Welcome to Lake Flashback. Reporter Sarah Simpson has been combing through old newspapers with the assistance of the Kaatza Station Museum and Archives so we can jog your memory, give you that nostalgic feeling, or just a chuckle, as we take a look at what was making headlines this week around Cowichan Lake in years gone by.
This week around the Cowichan Lake area…
10 years ago
It was a big day a decade ago as a “Wealth of logging history” was loaded into the Kaatza Station Museum, according to the July 14, 2010 Lake Cowichan Gazette.
Kaatza Station Museum volunteers were hard at work in the heat Thursday, July 8, hauling a few car loads full of boxes and filing cabinets, as well as a refrigerator into the museum’s Bell Tower School. The piles, overflowing from a few vehicles, had come all the way from Duncan’s United Steelworkers Hall, formerly called the International Woodworkers of America (IWA) Hall, on a long-term loan to the museum.
“They’re selling the building,” Kaatza Station Museum curator Barbara Simkins said of the United Steelworkers Hall. “We were afraid [the material] would get lost, and this is important.” The piles of materials include photographs and other artifacts from the IWA’s long history in the Cowichan Lake area.
Page two of the July 14, 2010 Lake Cowichan Gazette had CVRD Area F director Ian Morrison pointing from across the street to a new traffic camera set up on Highway 18 by the Skutz Falls turnoff.
“Looking way ahead to winter driving safety, the Ministry of Transportation has installed a new camera on Highway 18 at the Skutz Falls turnoff in order to help drivers better plan their winter trips to and from the Cowichan Lake area. The images the camera will be taking will be available online at www.images.drivebc.ca/bchighwaycam, a website that is updated every couple of minutes.
“It’ll help the whole area, so people can be safe when they’re traveling this road,” CVRD director Ian Morrison said of Highway 18.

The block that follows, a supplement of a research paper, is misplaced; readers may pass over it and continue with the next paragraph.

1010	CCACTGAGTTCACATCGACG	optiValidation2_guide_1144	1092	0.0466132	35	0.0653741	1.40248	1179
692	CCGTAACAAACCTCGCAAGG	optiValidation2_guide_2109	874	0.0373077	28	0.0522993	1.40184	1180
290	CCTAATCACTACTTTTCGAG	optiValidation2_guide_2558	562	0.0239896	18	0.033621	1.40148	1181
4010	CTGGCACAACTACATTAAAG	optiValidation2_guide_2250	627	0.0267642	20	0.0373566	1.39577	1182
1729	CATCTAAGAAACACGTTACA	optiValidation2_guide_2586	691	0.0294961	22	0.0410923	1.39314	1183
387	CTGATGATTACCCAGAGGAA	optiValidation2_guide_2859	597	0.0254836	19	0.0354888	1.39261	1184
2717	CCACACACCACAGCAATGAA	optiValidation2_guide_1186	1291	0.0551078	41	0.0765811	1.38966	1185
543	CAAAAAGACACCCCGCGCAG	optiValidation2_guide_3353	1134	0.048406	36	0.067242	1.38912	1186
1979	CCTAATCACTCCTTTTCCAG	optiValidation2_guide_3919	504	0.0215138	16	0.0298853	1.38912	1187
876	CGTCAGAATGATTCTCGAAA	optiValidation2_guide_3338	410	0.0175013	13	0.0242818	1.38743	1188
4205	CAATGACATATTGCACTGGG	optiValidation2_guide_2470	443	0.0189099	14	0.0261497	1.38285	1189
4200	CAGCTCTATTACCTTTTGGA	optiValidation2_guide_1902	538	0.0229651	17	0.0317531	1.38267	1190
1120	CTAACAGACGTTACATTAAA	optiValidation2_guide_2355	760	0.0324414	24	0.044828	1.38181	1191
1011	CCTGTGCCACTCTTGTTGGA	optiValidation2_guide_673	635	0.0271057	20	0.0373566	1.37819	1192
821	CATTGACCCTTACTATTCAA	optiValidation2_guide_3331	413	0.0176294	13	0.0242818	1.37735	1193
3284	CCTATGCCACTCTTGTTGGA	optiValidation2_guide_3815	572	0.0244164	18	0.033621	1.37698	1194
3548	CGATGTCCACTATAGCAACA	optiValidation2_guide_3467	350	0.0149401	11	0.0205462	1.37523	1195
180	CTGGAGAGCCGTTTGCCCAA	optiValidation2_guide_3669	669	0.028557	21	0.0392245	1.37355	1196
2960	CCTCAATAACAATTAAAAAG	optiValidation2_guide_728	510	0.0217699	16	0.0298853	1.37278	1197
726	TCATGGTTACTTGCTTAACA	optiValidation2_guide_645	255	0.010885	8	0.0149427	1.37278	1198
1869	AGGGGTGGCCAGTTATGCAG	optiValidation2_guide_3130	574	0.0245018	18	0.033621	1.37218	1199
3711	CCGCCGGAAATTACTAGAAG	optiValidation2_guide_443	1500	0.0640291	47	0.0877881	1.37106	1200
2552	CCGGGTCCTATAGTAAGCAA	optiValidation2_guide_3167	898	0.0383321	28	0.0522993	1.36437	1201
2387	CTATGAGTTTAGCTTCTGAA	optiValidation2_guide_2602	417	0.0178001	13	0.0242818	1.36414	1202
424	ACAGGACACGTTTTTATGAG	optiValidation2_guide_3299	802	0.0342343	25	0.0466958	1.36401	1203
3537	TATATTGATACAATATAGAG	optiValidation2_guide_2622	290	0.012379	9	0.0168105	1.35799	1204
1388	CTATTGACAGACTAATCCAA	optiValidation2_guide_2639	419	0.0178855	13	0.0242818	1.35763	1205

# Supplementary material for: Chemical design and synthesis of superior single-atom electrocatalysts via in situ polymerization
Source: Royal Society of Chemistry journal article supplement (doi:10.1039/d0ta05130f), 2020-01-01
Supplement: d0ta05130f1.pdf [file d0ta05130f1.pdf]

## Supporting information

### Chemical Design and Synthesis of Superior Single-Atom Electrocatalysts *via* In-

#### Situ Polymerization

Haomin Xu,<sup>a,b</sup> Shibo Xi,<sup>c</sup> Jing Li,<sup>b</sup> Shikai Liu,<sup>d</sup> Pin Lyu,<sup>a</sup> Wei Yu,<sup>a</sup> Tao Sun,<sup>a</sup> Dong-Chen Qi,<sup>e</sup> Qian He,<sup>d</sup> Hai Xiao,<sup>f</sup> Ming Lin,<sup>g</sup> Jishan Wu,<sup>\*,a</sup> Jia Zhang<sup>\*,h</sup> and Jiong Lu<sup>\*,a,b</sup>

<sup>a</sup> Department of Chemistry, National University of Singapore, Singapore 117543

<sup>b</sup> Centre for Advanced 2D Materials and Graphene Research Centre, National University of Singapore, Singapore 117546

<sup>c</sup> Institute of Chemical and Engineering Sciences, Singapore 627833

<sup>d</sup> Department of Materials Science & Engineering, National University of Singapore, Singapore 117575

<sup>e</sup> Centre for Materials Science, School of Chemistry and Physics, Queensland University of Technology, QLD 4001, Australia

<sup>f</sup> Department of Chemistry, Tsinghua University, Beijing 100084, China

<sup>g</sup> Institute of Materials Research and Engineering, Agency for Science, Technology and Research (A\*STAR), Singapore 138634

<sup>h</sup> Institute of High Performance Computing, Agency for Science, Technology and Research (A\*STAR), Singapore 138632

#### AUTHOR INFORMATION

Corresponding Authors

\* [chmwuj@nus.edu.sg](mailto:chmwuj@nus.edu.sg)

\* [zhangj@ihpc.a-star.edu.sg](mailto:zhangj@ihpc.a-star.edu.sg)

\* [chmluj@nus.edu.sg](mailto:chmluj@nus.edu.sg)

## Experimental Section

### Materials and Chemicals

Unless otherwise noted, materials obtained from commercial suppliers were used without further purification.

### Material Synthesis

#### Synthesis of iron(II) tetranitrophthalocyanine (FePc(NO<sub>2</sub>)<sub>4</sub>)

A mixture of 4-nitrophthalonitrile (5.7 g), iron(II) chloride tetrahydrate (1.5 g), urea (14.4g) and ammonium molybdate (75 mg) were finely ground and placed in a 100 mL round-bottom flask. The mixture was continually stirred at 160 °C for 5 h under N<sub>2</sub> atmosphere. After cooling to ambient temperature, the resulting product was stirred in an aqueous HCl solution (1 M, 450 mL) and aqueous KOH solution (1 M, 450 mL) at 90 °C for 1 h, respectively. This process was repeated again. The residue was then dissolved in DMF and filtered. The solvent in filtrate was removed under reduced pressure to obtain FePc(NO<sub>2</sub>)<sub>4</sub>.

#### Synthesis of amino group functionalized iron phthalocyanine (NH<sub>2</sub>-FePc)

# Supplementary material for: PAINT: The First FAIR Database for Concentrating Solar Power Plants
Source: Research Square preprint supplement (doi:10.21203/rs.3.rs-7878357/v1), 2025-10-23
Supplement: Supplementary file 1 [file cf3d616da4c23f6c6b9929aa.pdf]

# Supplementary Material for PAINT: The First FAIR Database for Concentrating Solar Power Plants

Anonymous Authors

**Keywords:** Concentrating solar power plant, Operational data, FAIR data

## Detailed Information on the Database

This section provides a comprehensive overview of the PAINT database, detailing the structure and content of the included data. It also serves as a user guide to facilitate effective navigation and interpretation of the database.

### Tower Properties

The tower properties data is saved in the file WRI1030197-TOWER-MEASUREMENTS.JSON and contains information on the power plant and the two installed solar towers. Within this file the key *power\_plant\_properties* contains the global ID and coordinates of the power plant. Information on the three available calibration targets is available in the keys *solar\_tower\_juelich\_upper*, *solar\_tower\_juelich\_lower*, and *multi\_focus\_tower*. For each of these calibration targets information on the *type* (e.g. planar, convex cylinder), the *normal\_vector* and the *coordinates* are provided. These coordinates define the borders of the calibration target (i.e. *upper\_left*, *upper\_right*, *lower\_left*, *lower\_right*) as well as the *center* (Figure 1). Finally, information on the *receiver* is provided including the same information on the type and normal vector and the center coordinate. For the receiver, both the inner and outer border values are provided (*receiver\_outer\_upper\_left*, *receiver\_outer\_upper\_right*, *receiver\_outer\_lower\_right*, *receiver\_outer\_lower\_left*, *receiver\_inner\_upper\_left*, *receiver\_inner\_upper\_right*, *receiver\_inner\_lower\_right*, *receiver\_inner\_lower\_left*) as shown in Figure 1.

“Morrison, whose electoral Area F includes Skutz Falls, has been lobbying for a camera at that location for over a year, and happily announced his success last week with the newly installed camera.”
“It’ll ensure safety on this road.”
25 years ago
Was it the start of the Island Corridor Foundation?
It was in the Lake News of July 12, 1995 that then town counsellor Jack Peake announced his belief the E&N railway should be taken over by the provincial government.
“I think the province should take over the ownership of the E&N,” he told the Lake News when asked to comment on the new act introduced by MLA Jan Pullinger in the B.C. Legislature.
“Peake is a member of an unofficial group of municipal officials which is interested in the future of the E&N,” the story continued.
“I think the Act is a step in the right direction,” he said.
“I believe the train runs in the wrong direction. It should start in Courtenay and run to Victoria. Originally it was intended to take the line to Campbell River and on to Port Hardy. We should be looking at the best way to run the line. Perhaps some extra shorter runs would be beneficial.”
“Peak suggested that the right-of-way might be a valuable asset for public transportation in the future.”
Twenty-five years later, the people are still wondering what will become of the E&N.
It was a disappointing time for the Lakeside Players but they had a great time anyway at the 62nd Annual Provincial Theatre Festival in Kamloops this time 25 years ago.
The group took their production of Odd Couple to the festival but didn’t win any awards.
“We had the only full house of the week,” said director Dena McPhee.
She also noted that Lake Cowichan Mayor Earle Darling and his wife Marjorie attended the performance and even personally picked up the entire cast’s tab at a local restaurant later.
40 years ago
History sure isn’t repeating itself when it comes to this story from 40 years ago.
“Lake Cowichan gas prices rank among lowest in province: survey” was the headline of The Lake News of July 9, 1980. Don’t we all wish.
But those low prices were needed as another big bold headline on the front page of the same edition was “Market slump forces 1,600 loggers home.”
That’s some perfect timing for a lot of laid off workers.
“Most woods operations will be shut down earlier than usual this summer and the early shut down was criticized Tuesday by a union official. Ken McEwan, business agent for International Woodworkers of American Local 1-80, said that the union doesn’t accept what some see as too-casual a closure by companies.
“If we want to shut down an operation, we have to have a supervised strike vote, but when the company decides they don’t want to do business, everyone just accepts it,” McEwan said in an interview. “We don’t accept that.”
“About 1,600 loggers and sawmill workers in the Cowichan Lake area will be subject to layoffs which started earlier than usual this summer. In previous years, layoffs — usually because of forest fire hazards — started in August.”